When insurance is sold, insurers must deal with the problem of adverse selection. Adverse selection is the tendency of persons with a higher than average chance of loss to seek insurance at standard rates, which is not controlled by underwriting; results in higher than expected loss levels. For example; adverse selection can result from high-risk drivers who seek auto insurance at standard rates, from persons with serious health problems who seek life or health insurance at standard rates, and form business firms that have repeatedly been repeatedly robbed or burglarized and seek crime insurance at standard rates. If the applicants for insurance with a higher-than-average chance of loss succeed in obtaining the coverage at standard rates, we say that the insurer is adversely selected against. If not controlled by underwriting, adverse selection can result in higher than expected loss levels.
Adverse selection can be controlled by careful underwriting. Underwriting refers to the process of selecting and classifying applicants for insurance, insured at standard or preferred rates. If the underwriting standards are not met, the insurance is denied, or an extra premium must be paid, or the coverage offered may be more limited. Insurers frequently sell insurance to applicants who have a higher than average chance of loss, but, such applicants must pay higher premiums. The problem of adverse selection arises when applicants with a higher than average average chance of loss succeed in obtaining the coverage at standard or average rates.
Policy provisions are also used to control adverse selection. Examples are the suicide clause in life insurance and the preexisting conditions clause in individual medical expense policies prior to enactment of the Affordable Care Act, also known as the ‘Obamacare’. These policy are discussed in greater detail later in the text when specific insurance contracts are analyzed.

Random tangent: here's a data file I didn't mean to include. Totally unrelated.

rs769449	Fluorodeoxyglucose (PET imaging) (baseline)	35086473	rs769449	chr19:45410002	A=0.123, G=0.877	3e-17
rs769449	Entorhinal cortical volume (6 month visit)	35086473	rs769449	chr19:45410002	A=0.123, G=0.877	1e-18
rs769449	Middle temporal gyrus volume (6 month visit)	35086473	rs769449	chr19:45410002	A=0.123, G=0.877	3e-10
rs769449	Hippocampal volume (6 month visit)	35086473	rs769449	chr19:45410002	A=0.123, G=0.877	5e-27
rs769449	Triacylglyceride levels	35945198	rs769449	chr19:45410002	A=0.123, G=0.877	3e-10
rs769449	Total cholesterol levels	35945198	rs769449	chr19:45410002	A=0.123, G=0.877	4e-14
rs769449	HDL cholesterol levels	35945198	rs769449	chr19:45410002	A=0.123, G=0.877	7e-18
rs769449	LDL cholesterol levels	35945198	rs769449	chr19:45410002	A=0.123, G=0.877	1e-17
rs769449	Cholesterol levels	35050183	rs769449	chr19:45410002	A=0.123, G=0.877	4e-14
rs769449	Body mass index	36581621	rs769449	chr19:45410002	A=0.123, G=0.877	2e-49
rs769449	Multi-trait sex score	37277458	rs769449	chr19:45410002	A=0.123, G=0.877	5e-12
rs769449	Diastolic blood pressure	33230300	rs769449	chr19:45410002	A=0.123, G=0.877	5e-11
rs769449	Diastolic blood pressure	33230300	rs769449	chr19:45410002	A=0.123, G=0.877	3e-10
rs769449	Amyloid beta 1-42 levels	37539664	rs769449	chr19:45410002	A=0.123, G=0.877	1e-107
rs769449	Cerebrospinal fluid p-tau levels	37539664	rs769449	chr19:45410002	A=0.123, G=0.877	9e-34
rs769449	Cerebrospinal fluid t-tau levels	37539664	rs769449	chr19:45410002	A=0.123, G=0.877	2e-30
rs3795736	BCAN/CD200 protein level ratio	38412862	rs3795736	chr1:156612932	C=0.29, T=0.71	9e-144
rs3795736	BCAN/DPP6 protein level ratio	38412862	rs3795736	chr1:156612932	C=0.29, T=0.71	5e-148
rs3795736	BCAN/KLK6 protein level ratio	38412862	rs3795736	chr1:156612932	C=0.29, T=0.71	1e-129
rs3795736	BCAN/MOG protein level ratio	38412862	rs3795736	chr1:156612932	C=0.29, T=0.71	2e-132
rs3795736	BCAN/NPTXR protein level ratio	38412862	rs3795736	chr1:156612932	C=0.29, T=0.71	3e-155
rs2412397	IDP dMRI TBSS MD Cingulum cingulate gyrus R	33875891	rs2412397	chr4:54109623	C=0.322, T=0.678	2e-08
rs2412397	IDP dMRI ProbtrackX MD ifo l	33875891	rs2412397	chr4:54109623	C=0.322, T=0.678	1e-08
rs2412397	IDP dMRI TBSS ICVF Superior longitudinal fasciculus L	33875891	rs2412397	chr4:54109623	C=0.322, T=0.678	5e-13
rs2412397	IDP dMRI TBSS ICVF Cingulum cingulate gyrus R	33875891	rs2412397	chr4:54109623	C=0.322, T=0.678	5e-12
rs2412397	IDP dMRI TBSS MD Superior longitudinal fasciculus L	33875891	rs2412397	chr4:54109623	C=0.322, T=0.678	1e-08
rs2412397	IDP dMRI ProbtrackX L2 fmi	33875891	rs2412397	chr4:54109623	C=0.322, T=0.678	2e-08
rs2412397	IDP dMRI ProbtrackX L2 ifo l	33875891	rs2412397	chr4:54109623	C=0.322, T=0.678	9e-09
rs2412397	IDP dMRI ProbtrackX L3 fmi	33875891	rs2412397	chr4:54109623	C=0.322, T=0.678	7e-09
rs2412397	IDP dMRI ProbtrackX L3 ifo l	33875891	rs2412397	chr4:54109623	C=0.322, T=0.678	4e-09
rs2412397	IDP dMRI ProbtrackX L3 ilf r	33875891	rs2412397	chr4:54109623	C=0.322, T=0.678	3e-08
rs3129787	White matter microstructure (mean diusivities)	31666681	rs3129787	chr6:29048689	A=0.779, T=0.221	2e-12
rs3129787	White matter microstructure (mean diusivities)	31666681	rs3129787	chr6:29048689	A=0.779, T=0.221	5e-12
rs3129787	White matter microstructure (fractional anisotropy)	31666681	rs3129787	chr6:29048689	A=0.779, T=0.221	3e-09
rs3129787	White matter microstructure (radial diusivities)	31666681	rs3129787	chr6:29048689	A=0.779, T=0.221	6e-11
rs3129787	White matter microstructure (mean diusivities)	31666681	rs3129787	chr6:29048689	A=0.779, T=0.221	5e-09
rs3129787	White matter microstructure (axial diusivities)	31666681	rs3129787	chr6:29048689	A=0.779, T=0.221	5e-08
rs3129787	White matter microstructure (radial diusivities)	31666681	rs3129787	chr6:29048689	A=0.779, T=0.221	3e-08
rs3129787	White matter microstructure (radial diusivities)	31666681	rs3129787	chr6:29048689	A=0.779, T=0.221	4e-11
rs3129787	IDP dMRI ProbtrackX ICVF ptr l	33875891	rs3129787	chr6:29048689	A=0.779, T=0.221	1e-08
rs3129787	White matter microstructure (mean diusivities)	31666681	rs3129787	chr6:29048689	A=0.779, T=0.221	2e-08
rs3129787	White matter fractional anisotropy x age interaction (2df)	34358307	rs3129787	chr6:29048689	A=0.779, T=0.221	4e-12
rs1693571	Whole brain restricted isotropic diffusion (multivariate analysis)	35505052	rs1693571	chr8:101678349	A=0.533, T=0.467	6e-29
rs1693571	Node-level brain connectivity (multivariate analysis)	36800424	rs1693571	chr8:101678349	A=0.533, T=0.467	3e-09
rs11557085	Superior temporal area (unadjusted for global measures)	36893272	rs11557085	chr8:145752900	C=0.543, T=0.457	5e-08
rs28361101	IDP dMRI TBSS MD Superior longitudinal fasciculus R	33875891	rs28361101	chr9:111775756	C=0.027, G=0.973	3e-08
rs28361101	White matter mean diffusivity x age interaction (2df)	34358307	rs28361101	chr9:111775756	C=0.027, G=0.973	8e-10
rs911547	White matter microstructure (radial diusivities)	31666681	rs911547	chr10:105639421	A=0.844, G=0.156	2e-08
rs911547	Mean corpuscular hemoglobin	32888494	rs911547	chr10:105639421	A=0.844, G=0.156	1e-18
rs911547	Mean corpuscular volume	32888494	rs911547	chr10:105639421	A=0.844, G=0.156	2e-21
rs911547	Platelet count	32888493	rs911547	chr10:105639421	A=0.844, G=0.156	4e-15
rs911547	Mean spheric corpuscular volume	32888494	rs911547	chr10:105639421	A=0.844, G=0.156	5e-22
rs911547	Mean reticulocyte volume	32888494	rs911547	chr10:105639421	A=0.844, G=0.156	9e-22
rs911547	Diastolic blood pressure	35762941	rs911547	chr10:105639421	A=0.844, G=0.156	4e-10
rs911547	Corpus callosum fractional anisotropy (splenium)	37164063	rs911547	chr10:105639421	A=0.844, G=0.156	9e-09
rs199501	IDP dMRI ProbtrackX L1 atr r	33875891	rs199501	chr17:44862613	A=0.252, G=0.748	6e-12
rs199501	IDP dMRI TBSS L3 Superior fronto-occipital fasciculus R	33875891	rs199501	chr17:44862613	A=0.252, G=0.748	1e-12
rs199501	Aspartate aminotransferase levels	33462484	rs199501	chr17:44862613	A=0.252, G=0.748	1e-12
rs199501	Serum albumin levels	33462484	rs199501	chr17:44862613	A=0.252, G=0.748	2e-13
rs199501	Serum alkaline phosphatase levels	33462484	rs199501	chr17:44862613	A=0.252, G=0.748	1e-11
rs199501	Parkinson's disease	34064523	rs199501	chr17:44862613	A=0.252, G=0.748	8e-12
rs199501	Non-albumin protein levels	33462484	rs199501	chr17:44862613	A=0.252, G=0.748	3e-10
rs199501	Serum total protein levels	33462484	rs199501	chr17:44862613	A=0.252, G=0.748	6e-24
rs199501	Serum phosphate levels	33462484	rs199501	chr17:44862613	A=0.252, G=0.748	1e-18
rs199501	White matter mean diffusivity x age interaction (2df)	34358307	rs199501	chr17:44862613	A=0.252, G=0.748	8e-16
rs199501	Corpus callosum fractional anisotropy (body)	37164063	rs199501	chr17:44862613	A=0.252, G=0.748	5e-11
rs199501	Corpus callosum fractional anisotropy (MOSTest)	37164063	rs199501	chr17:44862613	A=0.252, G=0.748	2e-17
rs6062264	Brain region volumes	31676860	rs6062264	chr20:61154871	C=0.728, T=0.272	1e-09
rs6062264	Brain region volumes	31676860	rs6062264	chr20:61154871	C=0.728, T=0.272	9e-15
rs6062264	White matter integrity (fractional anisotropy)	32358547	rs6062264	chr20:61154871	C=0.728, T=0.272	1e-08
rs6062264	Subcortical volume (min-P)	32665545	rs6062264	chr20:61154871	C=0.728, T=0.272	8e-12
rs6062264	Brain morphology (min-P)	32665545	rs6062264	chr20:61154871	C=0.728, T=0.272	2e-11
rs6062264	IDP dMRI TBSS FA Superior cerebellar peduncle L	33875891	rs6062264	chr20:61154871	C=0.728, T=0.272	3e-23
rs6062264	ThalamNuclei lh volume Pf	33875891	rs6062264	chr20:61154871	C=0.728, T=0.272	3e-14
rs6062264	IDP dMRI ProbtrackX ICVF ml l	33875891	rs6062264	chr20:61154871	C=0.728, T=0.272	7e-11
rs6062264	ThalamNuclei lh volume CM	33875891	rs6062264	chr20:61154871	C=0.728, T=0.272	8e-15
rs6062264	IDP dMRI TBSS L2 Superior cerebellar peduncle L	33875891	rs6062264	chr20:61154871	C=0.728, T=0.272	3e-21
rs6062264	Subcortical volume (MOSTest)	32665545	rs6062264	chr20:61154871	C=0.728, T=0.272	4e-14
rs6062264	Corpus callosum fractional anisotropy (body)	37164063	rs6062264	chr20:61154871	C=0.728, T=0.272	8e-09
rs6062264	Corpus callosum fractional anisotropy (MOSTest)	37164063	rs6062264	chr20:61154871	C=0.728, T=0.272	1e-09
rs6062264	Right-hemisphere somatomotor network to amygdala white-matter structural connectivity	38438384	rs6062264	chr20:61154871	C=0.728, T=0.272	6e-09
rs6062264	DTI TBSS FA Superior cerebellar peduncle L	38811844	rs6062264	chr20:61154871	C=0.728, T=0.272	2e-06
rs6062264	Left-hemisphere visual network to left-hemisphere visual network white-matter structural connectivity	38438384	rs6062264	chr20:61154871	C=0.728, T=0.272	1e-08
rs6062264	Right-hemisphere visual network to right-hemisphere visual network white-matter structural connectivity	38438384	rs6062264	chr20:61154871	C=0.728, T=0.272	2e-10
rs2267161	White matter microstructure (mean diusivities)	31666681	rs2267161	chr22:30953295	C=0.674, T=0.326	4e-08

Insurance and Gambling Compared; Insurance is often confused with gambling. There are two important differences between them. First, gambling creates a new speculative risk, while insurance is a technique for banding on already existing the risk. The second difference between insurance and gambling can be socially unproductive, because the winner’s gain comes at the expense of loser. In contract, insurance is always socially productive because neither the insurer or the insured is placed, in a position where the gain of the winner comes at the expense of the loser. Both the insured and the insurer have a common interest in the prevention of loss. Both parties win if the loss does not occur. Moreover, frequent gambling transactions generally never restore the losers to their former financial position. In contrast, insurance contracts restore the insureds financially in whole or in part if a loss occurs.
Insurance and Hedging Compared; We know that hedging is a condition by which risk can be transferred to a speculator through the purchase of a futures contract. An insurance contract,however, is not the same thing as hedging. Although both the techniques are similar in that risk is transferred by a contract, and no new risk is created, there are some important differences between them. First, an insurance transaction typically involves the transfer of pure risks because the characteristics of insurable risk generally can be met. However hedging is a technique for handling speculative risks that may be uninsurable such as protection against a decline in the price of agricultural products and raw materials.
A second difference between insurance and hedging is that insurance can reduce the objective-risk of an insurer by an application of the law of large numbers. As the number of exposure units increases, the insurer’s prediction of future losses improves because the relative variation of actual loss from expected loss will decline. Thus, many insurance transactions reduce objective risk. In contrast, hedging typically involves only risk transfer, not risk reduction. The risk of adverse price fluctuations is transferred to speculators who believe they can make a profit because of superior knowledge of market conditions. The risk is transferred, not reduced and prediction of loss generally is not based on the law of large numbers.
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